Slowly. And consistently. And gently. And patiently–but tenaciously. Popular piety is tough. You don’t want heresy to live on, but you don’t want to crush the weaker brother or sister while on the quest to kill it. My advice is pretty basic: study and have the conversations. This is a HUGE issue, though.

  9. Anoki Ha Ish says:

    Try also Scripturally. Today in Confirmation, we addressed two issues – One, is God everywhere? I asked them to tell me where they read that in Scripture, and what difference it makes. We’re working on it. The other one was – does Jesus love everyone? Same thing. I’m sitting a room with 17 kids who have been in Lutheran School since their late diapers.

    On the up side, I mentioned a little bit about denying yourself, but no where near enough in preaching yesterday, and one kid asked me what the heck denying himself meant. That was fun.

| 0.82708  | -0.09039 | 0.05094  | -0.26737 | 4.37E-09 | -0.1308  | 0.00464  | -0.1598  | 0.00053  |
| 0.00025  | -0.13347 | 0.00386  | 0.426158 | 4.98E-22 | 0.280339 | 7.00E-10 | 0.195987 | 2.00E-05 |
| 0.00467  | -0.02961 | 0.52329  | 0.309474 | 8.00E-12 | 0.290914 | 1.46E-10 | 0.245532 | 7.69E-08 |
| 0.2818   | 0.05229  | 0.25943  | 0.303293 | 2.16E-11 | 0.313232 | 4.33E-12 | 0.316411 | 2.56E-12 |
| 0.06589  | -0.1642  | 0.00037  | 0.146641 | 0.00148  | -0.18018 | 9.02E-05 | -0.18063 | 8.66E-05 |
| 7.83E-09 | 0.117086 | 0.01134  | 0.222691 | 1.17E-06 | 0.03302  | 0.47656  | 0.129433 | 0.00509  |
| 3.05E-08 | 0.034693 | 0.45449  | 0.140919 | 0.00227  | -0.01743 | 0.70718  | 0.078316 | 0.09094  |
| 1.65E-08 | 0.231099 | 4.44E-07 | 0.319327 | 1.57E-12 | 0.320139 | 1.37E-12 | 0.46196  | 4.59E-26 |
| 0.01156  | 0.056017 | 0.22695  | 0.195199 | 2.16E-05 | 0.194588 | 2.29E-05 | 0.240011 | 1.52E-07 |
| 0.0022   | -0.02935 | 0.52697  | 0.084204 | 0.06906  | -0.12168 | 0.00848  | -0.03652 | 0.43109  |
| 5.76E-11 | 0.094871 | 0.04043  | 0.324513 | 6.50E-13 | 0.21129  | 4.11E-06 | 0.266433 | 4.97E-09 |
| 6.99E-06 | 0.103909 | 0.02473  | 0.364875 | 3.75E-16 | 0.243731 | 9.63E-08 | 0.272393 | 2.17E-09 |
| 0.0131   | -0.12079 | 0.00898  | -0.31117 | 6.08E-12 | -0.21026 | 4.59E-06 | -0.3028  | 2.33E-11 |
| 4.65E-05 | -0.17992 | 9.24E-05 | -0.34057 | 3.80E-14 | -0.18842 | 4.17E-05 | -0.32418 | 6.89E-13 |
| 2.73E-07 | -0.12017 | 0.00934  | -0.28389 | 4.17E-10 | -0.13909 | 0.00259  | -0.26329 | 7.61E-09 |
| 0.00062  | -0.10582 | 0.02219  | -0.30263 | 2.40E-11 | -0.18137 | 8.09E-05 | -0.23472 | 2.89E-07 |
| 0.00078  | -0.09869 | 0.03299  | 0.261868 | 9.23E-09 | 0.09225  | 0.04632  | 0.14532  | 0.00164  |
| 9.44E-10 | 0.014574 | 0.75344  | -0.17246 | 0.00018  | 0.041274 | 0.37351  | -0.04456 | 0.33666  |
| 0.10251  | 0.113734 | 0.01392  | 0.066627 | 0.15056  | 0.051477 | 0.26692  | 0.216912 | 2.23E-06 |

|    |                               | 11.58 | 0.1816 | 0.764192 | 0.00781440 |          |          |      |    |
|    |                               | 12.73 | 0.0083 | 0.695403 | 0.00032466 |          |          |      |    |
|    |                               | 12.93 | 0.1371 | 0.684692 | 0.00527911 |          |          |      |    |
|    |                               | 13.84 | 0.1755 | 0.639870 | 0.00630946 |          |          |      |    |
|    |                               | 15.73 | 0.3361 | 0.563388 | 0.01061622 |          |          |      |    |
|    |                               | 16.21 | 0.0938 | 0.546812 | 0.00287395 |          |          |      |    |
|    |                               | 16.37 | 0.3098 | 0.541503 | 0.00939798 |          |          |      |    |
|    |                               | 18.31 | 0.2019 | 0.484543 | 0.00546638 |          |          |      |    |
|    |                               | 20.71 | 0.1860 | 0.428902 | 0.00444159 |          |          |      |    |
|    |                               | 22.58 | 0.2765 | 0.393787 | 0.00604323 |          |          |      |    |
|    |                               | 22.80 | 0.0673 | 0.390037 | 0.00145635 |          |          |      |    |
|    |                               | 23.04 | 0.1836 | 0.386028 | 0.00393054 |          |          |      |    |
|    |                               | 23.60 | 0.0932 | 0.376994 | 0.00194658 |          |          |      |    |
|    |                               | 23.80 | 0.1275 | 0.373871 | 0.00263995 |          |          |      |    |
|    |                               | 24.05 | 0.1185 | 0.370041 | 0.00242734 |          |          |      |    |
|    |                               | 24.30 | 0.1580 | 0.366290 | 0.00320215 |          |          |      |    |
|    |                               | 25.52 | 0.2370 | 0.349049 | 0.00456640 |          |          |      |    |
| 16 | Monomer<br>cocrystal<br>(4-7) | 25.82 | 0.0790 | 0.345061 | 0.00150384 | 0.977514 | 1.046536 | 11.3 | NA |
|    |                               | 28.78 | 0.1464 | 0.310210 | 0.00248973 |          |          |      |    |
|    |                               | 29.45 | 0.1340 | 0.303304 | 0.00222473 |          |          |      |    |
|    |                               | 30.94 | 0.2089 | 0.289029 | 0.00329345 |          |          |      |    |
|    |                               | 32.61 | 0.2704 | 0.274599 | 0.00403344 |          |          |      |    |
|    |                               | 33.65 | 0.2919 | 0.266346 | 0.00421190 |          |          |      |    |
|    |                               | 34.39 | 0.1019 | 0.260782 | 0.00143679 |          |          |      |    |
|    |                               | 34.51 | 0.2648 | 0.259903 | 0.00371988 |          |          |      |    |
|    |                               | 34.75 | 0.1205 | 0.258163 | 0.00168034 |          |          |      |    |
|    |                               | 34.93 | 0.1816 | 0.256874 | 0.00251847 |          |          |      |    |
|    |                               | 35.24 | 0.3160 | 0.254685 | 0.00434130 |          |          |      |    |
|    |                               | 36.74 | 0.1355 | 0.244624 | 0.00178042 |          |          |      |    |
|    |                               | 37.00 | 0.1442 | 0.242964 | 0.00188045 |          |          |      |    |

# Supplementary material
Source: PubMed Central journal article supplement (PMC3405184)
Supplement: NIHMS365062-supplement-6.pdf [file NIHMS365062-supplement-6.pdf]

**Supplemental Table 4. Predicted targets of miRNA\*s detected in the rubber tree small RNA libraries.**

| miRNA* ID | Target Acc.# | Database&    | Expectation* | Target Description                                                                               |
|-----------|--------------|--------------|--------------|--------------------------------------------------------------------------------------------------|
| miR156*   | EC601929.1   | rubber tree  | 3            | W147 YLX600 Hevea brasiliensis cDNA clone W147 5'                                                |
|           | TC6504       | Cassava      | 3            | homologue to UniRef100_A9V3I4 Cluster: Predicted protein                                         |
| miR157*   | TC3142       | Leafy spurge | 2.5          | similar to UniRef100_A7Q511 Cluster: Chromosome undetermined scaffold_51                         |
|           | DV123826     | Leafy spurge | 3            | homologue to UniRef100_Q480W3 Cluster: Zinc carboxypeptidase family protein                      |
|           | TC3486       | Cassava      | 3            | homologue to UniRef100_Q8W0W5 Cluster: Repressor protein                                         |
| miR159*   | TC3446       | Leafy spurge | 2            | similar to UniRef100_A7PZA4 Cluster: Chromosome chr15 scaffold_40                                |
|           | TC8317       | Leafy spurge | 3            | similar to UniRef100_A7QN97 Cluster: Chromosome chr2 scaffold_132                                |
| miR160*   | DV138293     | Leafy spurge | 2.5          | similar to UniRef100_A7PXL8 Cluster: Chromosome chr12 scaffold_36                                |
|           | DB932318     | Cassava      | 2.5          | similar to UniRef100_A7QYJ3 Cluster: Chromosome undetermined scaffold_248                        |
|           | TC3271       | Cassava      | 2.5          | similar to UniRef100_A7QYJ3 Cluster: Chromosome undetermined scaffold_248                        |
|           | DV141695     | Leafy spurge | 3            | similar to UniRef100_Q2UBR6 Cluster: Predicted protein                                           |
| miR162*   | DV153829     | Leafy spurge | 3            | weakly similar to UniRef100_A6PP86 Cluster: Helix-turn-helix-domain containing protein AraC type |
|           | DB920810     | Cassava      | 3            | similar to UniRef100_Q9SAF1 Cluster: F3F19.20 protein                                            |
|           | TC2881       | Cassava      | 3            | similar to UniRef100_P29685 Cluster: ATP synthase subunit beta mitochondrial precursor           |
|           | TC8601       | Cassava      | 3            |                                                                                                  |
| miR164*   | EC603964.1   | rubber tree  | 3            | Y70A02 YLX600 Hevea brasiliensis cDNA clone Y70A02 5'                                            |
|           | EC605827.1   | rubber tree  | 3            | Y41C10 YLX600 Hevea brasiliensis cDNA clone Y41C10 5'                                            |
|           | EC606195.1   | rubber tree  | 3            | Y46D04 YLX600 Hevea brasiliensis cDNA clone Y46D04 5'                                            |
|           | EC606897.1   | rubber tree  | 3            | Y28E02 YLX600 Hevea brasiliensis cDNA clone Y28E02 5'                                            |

10. Anoki Ha Ish says:

    Oh, as for Willow, they actually did a good job there of not being too theologically trite. I was kind of surprised. Of course I did skip the “Worship Experience with Charlie Hall” just because of its name. I thought it would just cross too many lines…

  11. OSC says:

    Indeed: Scripturally. Certainly you were supposed to fill in the blanks and understand that I intended that one. I’ll trust you to read that in fun without my using one of those blasted emoticons.

    What brought you to WC? I’ve been to Saddleback. We could compare notes.

  12. Sean says:

    If you’re a grammar snob, how do you feel about the “updated” language for things like “lift up your hearts”, “we lift them to the lord” (the pastor asked us to lift them up… how come post-vatican II we don’t do what he says anymore?) and “glory to you O Lord” (which isn’t even english)? and also with you’s aside, why did we listen to vatican II? it’s just pseudo-liturgical speak. We know what people used to say… but that sounds too old, so we’ll change it so it doesn’t mean anything but still sounds similar. ???